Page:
Students Demand University Remove Misogynist Art

Madison Dibble

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As national trends demand, students at the University of Minnesota are out for blood—or maybe statue dust. Local governments removed monuments to   Robert E. Lee, The Ten Commandments, and many others after fearless millennials took to Twitter to ensure that all history is buried.

At the University of Minnesota, students set their targets on the Spannungsfeld” artwork in front of the  Physics and Nanotechnology Building. The “Spannungsfeld” is an artwork of a woman kneeling. As you walk past the statue, the structural design makes the woman invisible.

What an un-woke person might call a marvelous work of art, the students at the university are calling a misogynist work of art.

“The art needs to go,” stated feminist leader Sara Roe. “Women are invisible in society often enough. We do not need a monument glorifying that.”

The art has many disturbing qualities, beginning with the position of the woman. According to Roe, the woman is kneeling which signifies the belief that women must be submissive and inferior to their male counterparts.

The most troubling aspect of the art, however, is the design itself. From the front of the artwork, the woman is completely invisible.

“From the White House to the C Suite, women are not seen.  Society is structured to ensure that women remain invisible. This art is also structured so that you cannot see women. It is disturbing to, say the least.”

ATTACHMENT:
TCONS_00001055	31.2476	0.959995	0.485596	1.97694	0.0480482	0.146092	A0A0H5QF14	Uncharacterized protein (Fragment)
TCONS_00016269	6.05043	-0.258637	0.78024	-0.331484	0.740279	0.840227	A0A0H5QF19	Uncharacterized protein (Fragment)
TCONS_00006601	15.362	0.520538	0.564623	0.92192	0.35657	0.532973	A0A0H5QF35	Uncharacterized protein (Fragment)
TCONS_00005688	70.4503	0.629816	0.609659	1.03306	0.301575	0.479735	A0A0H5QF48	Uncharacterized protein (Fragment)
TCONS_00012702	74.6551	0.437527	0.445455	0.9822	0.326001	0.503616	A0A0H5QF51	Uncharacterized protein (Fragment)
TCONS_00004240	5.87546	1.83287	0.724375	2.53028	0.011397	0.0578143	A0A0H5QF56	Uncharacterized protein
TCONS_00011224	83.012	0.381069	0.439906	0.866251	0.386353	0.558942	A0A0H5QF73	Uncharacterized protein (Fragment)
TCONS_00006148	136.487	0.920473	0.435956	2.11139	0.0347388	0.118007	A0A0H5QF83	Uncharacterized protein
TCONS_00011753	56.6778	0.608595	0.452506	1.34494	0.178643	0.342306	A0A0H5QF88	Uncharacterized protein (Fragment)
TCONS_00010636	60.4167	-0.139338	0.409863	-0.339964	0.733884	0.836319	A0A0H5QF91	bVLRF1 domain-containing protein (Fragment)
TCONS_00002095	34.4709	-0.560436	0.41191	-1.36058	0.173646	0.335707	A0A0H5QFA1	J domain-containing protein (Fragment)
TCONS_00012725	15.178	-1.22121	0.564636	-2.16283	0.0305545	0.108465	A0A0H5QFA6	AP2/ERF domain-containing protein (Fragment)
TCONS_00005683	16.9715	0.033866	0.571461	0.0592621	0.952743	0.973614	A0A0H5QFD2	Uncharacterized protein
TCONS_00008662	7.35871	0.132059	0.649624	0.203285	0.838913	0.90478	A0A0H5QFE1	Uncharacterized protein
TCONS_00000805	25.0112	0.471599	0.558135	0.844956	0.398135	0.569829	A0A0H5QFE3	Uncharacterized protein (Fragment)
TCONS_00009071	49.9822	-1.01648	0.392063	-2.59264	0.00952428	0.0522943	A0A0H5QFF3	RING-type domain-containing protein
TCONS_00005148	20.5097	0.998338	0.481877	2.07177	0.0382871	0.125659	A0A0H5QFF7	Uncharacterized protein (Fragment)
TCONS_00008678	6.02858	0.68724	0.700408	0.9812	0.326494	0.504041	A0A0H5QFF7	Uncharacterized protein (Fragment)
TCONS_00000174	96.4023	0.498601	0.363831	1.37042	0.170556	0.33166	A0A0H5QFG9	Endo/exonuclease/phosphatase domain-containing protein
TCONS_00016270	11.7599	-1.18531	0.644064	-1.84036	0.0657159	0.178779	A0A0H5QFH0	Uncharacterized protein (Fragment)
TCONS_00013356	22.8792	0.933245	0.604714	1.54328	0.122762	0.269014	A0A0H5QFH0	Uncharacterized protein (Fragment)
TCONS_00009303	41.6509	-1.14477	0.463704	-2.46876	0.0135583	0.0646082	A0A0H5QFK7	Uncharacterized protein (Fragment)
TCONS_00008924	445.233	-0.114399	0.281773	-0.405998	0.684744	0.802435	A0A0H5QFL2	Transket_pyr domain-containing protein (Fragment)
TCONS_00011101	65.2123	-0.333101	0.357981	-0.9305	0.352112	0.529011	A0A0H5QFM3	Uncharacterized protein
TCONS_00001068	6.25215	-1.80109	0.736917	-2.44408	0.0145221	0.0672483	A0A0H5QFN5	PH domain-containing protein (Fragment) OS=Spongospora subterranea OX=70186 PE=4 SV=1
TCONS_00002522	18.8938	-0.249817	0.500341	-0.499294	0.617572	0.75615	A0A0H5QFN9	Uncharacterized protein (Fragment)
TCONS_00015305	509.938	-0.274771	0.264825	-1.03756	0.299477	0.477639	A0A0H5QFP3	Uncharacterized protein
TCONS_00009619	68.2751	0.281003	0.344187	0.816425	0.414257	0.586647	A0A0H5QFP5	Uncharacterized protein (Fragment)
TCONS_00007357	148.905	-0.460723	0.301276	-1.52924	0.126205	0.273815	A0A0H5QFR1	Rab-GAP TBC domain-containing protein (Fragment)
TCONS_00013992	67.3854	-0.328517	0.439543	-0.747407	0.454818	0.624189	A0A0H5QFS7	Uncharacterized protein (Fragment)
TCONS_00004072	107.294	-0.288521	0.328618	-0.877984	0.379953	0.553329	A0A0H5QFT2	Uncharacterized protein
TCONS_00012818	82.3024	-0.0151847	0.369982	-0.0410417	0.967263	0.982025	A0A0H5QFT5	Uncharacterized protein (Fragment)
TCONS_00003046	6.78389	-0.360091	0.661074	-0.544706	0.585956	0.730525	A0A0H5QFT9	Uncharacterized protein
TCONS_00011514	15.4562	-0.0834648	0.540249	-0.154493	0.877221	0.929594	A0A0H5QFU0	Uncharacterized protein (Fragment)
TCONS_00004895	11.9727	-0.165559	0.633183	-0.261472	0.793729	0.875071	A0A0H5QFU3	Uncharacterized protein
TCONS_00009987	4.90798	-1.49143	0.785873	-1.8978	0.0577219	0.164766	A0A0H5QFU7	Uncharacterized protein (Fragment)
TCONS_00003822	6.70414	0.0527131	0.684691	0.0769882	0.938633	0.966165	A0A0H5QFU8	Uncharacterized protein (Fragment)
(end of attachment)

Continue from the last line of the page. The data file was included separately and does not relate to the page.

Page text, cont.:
Roe also found the art’s placement to be of concern. The art is located in front of the Physics and Nanotechnology building which are two male-dominated areas of study.

“The lack of women in STEM has nothing to do with the fact that women have different preferences and has everything to do with misogynistic art. How is a woman supposed to major in physics when they have to pass that demeaning artwork every day?”

Roe went on to say that a statue is an object.

“Women are treated like objects in every part of our society. While I can jam out to some objectifying music, I can’t be reminded of it when I look at an actual object that is made to look like a woman.”

While most students support Roe and the other feminists, a few frat stars spoke out in support of the art.

“I don’t see a problem with the art,” stated Chad Star of Sigma Apple Pie. “There is a man directly across from the woman in the same position that also disappears. This university is majority-female. I don’t see them as victims.”

Upon further investigation, Star’s statement proved to be true.

When asked if Roe believed in removing the male statue, Roe stated that the male statue should stay.

“I think the male statue is a powerful statement. To me, it says ‘I see right through your misogynist agenda,’ and it’s empowering the battle against the patriarchy.”

As of today, the university administration has not made any promises to remove the statue. In one interview, President Kaler stated, “For the love of God. Please stop talking to me. Can’t you see that I would rather die than interact with you.”

While the statement and the university administration is unclear, Roe is optimistic that the statue will be removed.

“Honestly, the University administration is so big and unorganized that I usually just go from Provost to Provost until I bump into one who hates men as much as I do and they usually just run with it,” stated Roe.

“Add in a couple of protests and a walkout, and I think the statue will be gone by the end of the week.”